Related

daviscards

Davis Instruments: Quick Reference Cards

CHECK THESEIf you’re sailing with new crew this summer or your kids have suddenly and inexplicably started to look up from their phones and take an interest in the finer points of cruising, these Quick Reference Cards from Davis are a great way to further their boating education. ...read more

01-rbir18-596

Another Epic Round Britain Race

There are basically two kinds of offshore sailboat races out there: those that take place annually, like the Fastnet and Chicago-to-Mackinac races; and those that take place every other year, like the Transpac and Newport-Bermuda race, in part so the competitors have sufficient ...read more

01b_WALKING-KEDGE-OUT-cmykpromo

Getting More Use From Kedge Anchors

If you are cruising, you need at least two anchors on board for the simple reason that you must have a backup. Imagine having to slip your anchor on a stormy night with other boats dragging down on yours, or having your rope rode severed by some unseen underwater obstacle, ...read more

SailAwayCharter

How-to: Navigating on a Bareboat Charter

So you graduated from navigation class where you practiced dead reckoning, doubling the angle on the bow and maybe even celestial nav, and you now feel well prepared for your first charter trip. Well, you won’t be doing any of that on vacation—not past the first day, anyway.Most ...read more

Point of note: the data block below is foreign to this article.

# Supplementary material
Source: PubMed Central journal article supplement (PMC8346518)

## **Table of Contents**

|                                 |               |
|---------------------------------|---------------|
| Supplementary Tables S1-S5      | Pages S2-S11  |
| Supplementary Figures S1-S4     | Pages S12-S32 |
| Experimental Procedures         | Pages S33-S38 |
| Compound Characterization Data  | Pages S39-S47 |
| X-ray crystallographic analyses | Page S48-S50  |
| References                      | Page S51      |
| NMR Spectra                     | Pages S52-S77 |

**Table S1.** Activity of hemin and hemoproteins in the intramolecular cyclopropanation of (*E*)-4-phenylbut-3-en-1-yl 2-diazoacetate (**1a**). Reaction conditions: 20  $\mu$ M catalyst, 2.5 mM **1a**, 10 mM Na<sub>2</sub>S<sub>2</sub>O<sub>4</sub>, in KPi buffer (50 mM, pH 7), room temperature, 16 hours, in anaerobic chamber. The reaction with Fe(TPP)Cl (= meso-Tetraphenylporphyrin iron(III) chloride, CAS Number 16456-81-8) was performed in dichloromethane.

04-Turtle-rescue

Turtle Rescue in the Vic-Maui

Strange and often wonderful things can happen in the course of an offshore sailboat race, and one of the strangest and most wonderful things we’ve heard of recently took place during the 2,300-mile 2018 Vic-Maui race, from Victoria, British Columbia, to Lahaina, Hawaii.It ...read more

dorcap-open-blue

ATN Inc: Dorcap

COOL SLEEPYou’re fast asleep in a snug anchorage, forehatch open to catch the breeze, when you’re rudely awakened by a sneaky rain squall. Now you’re not only awake and wet, you’re sweltering with the hatch closed. Sucks, right? That’s why ATN came up with the Dorcap, an ...read more

HIGH-RES-29312-Tahiti-GSP

Ask Sail: Who has the right-of-way

WHO HAS RIGHT-OF-WAY?Q: I sail in Narragansett Bay, which is a relatively narrow body of water that has upwind boats generally going south and downwind boats generally going north. When sailboats are racing, the starboard tack boat has the right-of-way over the port tack boat, so ...read more